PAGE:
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Ucsf Scientists Question Safety of Tsa Body Scanners



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Medical concerns over the use of full body scanners by TSA agents at airports has hit critical mass finally. While many have been concerned about privacy issues and others have been happy to joke about the “nude scanning devices”, there are legitimate medical concerns being raised by the use of the X-ray technology employed in full body scanners. The people raising the concern are hardly sensationalists or crackpots, it is a consortium of specialists in the field who are NAS members in good standing.

The X-rays used in the current full body scanners at airports have been cited by this group as “Compton-scattering off outer molecule bonding electrons” which means that the X-rays are likely to some degree breaking bonds. Although the beam used is 28keV which is low beam energy, that energy is cited as safe when distributed throughout the entire body, not focused on the skin and underlying tissue as is the case with the airport scanners. Because of that, the risk of damage to the skin and underlying tissue is cited as potentially being dangerously high.

There second big concern is that they feel independent data does not exist which sufficiently demonstrates the safety of the scanners. Without pointing fingers too harshly in a letter addressed to Dr. John P. Holden, Assistant to the President for Science and Technology, there is an underlying tone which suggests that the researchers that cleared the scanners for use where perhaps not sufficiently qualified to do so or possibly misrepresented  or shielded their data.

As John Sedat. PhD., professor Emeritus of Biochemistry and Biophysics UCSF, David Agrad, Ph.D, Robert Stroud PhD., and Marc Shuman, M.D., all point out in said letter, the data does not foot and needs re-evaluation. In said letter they state:

“In addition, it appears that real independent safety data do not exist. A search,
ultimately finding top FDA radiation physics staff, suggests that the relevant radiation
quantity, the Flux [photons per unit area and time (because this is a scanning device)]
has not been characterized. Instead an indirect test (Air Kerma) was made that
emphasized the whole body exposure value, and thus it appears that the danger is low
when compared to cosmic rays during airplane travel and a chest X-ray dose. In summary, if the key data (flux-integrated photons per unit values) were available, it
would be straightforward to accurately model the dose being deposited in the skin and adjacent tissues using available computer codes, which would resolve the potential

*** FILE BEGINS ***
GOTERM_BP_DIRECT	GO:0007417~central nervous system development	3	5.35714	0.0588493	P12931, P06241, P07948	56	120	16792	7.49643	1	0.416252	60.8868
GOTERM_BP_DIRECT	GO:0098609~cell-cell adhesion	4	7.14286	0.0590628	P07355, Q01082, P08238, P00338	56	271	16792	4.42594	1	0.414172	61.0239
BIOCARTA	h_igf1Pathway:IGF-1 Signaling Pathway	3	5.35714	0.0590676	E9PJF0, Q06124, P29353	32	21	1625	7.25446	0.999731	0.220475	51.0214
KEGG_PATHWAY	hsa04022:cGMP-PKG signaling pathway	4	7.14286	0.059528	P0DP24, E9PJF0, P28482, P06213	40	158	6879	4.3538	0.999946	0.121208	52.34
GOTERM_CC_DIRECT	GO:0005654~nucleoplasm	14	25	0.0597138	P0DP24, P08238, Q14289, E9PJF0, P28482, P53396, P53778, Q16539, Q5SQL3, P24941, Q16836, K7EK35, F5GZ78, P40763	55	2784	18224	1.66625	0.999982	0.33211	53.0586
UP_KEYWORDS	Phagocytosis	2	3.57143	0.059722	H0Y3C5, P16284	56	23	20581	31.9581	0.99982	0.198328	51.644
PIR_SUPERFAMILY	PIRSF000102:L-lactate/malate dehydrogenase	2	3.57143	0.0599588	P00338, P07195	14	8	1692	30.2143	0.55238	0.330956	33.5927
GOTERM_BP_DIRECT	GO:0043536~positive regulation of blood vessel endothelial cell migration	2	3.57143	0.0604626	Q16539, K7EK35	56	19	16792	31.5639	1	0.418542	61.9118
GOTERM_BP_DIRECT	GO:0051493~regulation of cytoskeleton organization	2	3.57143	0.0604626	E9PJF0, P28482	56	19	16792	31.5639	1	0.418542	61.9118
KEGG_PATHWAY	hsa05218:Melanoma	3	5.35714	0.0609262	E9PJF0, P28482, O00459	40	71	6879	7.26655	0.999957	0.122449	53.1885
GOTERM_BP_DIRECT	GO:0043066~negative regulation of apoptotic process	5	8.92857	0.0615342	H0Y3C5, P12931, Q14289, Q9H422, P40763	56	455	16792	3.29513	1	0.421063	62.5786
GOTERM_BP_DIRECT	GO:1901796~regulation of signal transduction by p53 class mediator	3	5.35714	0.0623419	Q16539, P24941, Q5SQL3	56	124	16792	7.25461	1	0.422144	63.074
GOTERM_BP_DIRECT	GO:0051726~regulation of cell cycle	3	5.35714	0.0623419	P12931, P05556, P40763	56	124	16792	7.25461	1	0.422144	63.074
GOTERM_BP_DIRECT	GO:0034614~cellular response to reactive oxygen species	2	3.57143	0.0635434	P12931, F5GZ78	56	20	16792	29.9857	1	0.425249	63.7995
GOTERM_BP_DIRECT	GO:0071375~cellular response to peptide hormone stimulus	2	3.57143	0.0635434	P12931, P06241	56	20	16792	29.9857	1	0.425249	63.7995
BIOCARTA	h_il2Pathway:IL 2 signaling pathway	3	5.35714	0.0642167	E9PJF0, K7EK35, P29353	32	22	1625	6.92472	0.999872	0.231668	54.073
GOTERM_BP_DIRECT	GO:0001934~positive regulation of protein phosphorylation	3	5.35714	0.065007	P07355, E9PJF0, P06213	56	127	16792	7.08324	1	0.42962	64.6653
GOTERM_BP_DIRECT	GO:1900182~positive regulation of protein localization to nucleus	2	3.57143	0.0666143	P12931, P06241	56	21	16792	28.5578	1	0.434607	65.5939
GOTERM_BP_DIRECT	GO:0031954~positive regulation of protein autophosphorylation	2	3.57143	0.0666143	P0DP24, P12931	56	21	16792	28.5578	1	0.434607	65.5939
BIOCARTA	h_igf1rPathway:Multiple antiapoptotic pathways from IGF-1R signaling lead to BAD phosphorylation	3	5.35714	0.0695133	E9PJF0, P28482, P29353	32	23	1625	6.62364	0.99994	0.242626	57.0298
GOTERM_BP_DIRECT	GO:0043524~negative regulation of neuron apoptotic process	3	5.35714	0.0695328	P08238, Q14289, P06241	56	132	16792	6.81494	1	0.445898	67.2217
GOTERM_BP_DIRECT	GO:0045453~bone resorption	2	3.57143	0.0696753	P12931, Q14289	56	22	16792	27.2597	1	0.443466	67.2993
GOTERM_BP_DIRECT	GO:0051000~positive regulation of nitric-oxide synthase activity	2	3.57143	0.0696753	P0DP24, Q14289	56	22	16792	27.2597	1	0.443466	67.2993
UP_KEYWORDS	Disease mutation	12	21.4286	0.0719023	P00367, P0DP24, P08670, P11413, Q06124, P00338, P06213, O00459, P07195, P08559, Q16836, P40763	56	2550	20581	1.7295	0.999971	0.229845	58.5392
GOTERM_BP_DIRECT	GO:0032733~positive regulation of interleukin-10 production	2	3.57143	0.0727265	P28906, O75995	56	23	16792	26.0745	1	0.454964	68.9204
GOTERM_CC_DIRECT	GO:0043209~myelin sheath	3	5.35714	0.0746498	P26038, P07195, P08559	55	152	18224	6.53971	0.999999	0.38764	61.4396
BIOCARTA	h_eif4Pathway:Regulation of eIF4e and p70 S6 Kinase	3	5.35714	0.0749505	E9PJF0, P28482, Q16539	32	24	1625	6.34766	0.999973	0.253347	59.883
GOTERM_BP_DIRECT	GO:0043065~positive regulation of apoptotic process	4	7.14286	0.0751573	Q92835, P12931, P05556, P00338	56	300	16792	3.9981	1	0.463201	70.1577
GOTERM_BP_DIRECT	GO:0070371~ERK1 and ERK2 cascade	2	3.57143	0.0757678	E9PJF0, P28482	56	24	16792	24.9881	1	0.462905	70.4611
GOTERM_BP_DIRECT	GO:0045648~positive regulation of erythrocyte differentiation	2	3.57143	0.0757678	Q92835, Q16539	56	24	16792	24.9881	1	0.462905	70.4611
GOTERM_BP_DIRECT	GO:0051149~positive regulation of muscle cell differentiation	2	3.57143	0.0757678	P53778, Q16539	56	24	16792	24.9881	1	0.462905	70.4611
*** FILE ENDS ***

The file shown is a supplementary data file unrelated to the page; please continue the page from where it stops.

concerns over radiation damage.”

They then went on to detail eight specific health concerns that are known to exist from X-rays that they feel are elevated due to the use of these body scanners which include:

1. Possible damage to the cornea and thymus
2. The skin of the testicles being at risk for sperm mutagenesis
3. Possible fetal damage in pregnant women
4. Immunocompromised individuals, like those with HIV and cancer, being at a higher risk for cancer.
5. The possibility of white blood cells perfusing to the skin
6. The possibility of children and adolescents being at high risk to health problems due to the increased exposure.
7. The mutagenic effects of X-rays in patients over 65 in regards to melanocyte aging.
8. A small percentage of women that have an elevated sensitivity mutagenesis-provoking radiation which could lend itself to an increased susceptibility to breast cancer.

Concerns over the hardware and software in the full body scanners have also been raised. It is cited that any error to either can cause an intense focused dose of radiation which is an obvious problem, particularly if that dose were delivered to the groin area. IT is further pointed out that so far there is little if any known regulation regarding tweaking the technology to provide a better signal-to noise ratio to improve the resolution of scans which could increase the total dose of radiation people receive.

What can be taken from this is that it is evident full body scanners used at airports may have been rushed out a little bit. It is vexing that not all of the supposed study data regarding the scanners has been released. It is further problematic that no one can seem to find any regulations that stop manufacturers of the scanners or the local operators of said scanners from tweaking the manner they operate which could cause an increased health risk,

The gentleman behind this push are not saying that scanning is unnecessary, but what they are saying is that independent research or verification of all existing research related to full body scanners is needed. They are not saying that everyone that goes through a scanner will face grave health issues, but that there are concerns regarding a significant enough portion of people that will go through security scanners that is insufficiently addressed. For what it is worth, no public reply to these concerns in full has been made to this point, although there have been promises of further investigation at some point.

 http://www.npr.org/assets/news/2010/05/17/concern.pdf

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